Clinical and in vitro studies on ceramic hip prostheses correlate cup implant position with hip noise, ceramic wear, or ceramic liner damage. A ceramic cup malposition could lead to edge load, ceramic head wear, and squeaking. A noise of a ceramic hip could also be correlate with implant instability and liner damage. Aim of this study was to investigate the long-term wear behavior of 12 commercial alumina-on-alumina bearings under severe conditions: different angles of inclination (23°, 45°, and 63°) and the addition of third body particles (titanium and alumina powder) to address the effective role of cup position and ceramic particles on wear and hip noise. The study was performed using a 12-stations hip joint wear simulator (Shore Western, Monrovia) under bovine calf serum used as lubricant. Wear was evaluated by gravimetric method and the piezo-spectroscopic technique was used to evaluate the residual stress of the ceramic components and correlate this to the weight loss. After eight million cycles, we found that the inclination of the cup (63° in this study) was the most disadvantaged and it was correlated with a hip noise. Gravimetric measurements showed higher wear than the other configurations and these results were in agreement with the Photoluminescence investigation. In particular, the results obtained in this work revealed a residual stress state greater not only with respect to the other angles of inclination but also to two retrieved alumina acetabular cups with a 10 years follow-up.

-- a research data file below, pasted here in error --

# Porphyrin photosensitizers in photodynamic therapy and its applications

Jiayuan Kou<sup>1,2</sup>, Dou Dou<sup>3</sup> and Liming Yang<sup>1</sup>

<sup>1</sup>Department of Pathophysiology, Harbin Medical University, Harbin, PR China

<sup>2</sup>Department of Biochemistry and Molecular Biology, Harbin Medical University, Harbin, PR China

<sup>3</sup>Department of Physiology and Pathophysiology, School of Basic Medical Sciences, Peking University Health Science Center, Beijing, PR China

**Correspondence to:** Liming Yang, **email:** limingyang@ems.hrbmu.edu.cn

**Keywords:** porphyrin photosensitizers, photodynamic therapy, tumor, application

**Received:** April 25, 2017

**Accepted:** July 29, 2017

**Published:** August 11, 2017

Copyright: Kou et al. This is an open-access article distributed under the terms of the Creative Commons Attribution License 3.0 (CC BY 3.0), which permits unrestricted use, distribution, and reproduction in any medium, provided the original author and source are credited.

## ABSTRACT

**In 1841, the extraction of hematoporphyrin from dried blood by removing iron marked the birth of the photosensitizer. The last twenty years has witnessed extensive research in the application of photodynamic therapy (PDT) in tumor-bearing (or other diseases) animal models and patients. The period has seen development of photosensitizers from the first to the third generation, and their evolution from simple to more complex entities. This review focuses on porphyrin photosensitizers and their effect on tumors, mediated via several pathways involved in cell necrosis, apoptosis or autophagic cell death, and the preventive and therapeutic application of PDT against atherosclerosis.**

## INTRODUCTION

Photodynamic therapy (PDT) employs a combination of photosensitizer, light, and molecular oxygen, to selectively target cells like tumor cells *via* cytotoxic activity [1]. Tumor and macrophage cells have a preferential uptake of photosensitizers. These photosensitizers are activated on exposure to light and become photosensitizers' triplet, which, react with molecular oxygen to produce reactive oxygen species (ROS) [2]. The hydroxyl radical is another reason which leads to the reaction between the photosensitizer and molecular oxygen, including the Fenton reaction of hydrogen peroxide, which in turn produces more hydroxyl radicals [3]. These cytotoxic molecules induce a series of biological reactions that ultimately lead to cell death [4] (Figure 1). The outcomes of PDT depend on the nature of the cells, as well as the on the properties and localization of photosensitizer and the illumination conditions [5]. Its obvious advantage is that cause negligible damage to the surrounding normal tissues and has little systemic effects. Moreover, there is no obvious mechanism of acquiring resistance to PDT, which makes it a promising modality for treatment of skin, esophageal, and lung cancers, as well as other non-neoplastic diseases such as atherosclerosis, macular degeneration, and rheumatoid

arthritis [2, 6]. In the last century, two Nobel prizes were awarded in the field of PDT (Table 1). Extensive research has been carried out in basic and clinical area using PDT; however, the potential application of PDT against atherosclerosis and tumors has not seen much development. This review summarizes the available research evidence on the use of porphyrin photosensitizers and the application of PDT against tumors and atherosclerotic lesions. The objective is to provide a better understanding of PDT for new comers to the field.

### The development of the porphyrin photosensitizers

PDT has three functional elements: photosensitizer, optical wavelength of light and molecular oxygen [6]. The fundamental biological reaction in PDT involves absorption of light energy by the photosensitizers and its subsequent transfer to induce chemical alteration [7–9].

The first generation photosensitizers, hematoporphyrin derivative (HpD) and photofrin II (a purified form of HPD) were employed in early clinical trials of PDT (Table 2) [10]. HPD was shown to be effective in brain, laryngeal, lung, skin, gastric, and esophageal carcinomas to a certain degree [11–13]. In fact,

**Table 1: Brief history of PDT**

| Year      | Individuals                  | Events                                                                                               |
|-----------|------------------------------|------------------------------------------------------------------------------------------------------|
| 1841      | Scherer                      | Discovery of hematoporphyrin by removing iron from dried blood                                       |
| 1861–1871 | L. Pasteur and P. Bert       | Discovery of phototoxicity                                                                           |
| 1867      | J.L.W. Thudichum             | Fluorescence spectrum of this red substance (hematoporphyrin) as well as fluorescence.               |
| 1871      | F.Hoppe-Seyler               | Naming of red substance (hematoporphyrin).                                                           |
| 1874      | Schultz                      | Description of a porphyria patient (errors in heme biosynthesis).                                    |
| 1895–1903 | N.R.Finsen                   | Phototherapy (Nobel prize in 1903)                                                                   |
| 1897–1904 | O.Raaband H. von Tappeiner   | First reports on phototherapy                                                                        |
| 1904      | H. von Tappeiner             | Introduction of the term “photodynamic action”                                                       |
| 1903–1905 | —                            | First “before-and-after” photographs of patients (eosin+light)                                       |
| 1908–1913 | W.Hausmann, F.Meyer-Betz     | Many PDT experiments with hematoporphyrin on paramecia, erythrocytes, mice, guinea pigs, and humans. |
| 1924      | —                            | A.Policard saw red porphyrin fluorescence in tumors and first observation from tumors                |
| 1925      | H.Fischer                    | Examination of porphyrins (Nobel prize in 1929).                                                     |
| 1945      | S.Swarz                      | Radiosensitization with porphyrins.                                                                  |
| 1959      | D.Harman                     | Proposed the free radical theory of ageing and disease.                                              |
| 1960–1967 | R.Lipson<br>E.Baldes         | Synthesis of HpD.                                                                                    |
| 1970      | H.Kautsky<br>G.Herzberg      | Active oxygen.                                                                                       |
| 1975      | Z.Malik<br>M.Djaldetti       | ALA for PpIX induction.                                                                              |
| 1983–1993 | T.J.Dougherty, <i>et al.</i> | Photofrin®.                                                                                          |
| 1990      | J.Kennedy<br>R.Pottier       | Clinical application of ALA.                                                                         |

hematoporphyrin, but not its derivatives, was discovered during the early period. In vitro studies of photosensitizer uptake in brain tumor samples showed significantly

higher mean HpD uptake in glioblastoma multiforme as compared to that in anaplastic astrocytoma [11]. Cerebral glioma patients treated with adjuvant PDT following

|Number of pages||8|
|Journal||Journal of Biomedical Materials Research - Part B Applied Biomaterials|
|Publication status||Published - Oct 2009|
- Ceramic wear
- Hip implant
ASJC Scopus subject areas
- Biomedical Engineering